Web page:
This past January, I traveled with my family and a group from our church, Pleasant View Mennonite, to a small town in Kenya called Thika. We worked with a foundation called African Christian Missions International (ACMI) and spent most of our two week stay with a woman named Agnes and the 23 children that lived in the orphanage she runs. During our trip we helped build several additions to her house, including a kitchen and dining room. However, the focus of our time there was fellowshipping and spending time with Agnes and the orphans. This was definitely the most meaningful part of the trip for me.
The first sight of the Revelation Orphan and Destitutes Centre was a bit overwhelming for us. The road up to the house cut through a steep hill and was surrounded on both sides by red dirt, a characteristic of Kenya. The building itself was very small and had only two rooms filled with bunk beds, one for the boys and one for the girls. The children spent all day out in the sun, helping Agnes with chores or playing with whatever small toys they had been given or could make from nature. And yet, like most other Americans who travel and see the “less privileged” side of Earth, I realized that there even in the midst of devastation and uncertainty, a child can find joy. That is something that I hope will stay with me forever, even if I get caught up in my all too easy, comfortable life.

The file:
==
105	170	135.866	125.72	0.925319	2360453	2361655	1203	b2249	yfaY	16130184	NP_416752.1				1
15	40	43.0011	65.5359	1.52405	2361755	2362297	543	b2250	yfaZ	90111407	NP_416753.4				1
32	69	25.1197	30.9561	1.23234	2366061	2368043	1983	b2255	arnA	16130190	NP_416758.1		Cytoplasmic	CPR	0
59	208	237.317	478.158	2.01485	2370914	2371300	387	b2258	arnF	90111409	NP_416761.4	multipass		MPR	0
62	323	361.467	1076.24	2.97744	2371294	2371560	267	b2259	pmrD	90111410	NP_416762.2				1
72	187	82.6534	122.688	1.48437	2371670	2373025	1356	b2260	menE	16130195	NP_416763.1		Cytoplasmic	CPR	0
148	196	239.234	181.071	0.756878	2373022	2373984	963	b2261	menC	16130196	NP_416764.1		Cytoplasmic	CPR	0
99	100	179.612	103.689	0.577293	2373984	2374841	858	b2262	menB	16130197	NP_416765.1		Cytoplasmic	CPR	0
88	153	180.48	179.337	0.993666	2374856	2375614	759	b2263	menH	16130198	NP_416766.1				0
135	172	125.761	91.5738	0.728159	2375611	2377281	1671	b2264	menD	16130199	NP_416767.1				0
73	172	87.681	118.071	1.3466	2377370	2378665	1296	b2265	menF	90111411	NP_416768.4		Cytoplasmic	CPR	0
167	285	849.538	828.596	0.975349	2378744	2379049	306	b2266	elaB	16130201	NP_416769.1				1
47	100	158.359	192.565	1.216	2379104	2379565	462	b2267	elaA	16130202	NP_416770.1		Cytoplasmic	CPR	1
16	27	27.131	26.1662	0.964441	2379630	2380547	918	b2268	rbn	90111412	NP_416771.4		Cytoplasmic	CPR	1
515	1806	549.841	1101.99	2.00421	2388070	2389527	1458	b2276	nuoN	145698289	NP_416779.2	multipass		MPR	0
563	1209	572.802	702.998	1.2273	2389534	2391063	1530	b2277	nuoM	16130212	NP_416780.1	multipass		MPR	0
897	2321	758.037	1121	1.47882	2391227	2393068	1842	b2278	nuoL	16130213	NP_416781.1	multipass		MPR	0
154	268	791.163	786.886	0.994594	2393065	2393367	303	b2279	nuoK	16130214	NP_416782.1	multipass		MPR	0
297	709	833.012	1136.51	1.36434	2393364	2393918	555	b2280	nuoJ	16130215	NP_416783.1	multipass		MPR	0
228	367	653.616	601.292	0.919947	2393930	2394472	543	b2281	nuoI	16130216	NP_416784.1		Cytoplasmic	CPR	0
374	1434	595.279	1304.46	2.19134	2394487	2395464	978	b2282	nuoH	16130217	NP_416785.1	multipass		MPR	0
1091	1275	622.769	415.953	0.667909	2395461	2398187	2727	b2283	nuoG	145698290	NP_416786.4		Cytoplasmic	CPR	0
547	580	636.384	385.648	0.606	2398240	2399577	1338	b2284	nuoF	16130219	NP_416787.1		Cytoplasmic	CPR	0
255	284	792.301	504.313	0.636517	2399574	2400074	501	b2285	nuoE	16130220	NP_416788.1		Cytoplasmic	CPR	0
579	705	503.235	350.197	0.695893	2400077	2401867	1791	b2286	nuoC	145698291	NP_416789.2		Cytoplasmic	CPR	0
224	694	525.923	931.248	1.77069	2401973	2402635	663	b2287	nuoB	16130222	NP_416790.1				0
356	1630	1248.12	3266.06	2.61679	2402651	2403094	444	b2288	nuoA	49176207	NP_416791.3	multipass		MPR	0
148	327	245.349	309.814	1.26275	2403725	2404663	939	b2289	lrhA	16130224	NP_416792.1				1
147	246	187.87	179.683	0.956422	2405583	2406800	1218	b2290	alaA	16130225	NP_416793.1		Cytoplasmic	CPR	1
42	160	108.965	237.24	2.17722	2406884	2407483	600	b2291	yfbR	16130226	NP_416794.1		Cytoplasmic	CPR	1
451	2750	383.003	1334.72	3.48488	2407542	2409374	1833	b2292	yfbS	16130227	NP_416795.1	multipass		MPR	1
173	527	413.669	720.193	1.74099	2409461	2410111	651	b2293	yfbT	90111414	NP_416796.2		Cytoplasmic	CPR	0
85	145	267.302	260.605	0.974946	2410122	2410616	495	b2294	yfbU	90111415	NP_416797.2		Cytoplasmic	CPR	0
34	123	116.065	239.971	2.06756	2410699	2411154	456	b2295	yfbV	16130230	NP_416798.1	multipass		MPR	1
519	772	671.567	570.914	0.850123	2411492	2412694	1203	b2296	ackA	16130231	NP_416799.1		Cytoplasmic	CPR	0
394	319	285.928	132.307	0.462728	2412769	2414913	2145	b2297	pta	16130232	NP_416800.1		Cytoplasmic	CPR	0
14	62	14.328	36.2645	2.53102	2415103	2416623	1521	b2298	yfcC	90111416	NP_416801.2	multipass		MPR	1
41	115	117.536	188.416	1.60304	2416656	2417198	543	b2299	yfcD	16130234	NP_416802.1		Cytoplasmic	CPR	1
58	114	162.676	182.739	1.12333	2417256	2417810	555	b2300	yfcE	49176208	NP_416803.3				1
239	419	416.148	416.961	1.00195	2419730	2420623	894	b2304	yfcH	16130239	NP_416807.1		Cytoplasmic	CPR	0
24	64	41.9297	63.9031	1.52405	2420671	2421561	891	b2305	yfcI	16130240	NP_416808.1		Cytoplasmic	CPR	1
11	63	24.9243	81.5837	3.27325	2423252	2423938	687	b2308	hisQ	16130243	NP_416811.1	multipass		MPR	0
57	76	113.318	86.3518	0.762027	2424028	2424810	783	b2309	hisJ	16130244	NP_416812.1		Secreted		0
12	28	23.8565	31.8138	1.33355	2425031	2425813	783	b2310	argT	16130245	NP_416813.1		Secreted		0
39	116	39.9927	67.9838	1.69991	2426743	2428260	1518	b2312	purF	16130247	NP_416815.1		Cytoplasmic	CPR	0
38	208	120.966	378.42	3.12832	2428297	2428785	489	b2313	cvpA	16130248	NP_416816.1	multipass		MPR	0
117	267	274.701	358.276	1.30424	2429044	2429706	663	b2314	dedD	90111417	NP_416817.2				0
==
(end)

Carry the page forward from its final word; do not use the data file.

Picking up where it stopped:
When our group of 15 first visited the orphanage, we were all a little nervous. Both the children and us Americans stuck in groups and milled about the small house and yard. But after a few minutes we relaxed and began interacting. They asked our names and we asked theirs. They loved our hair, nails, and light skin. They also loved holding our hands and sitting on our laps. A few young girls tried patiently to do our hair up in the neat little braids they had theirs in, but they soon gave up on our soft hair and were content to just run their fingers through it. The young boys brought out an old soccer ball from their one room bedroom and engaged our guys in a game. We sang songs for each other and they tried as hard as they could to teach us some Swahili. Each day we spent with the kids we got closer and by the end of the first week, we each had our own special buddies, the ones who jumped up to greet us when our van arrived and held our hands on the walk to the house.
This trip affected me in many more ways than I expected. In fact, I believe it had just as much of an impact on me as the children we helped. I was able to open my eyes and experience a new culture. I strengthened the bonds I have with my family, friends, and God. I met new people, heard their stories and now have a new outlook on life. Those two short weeks in Thika have given me a new outlook on life which I hope will always stay with me.
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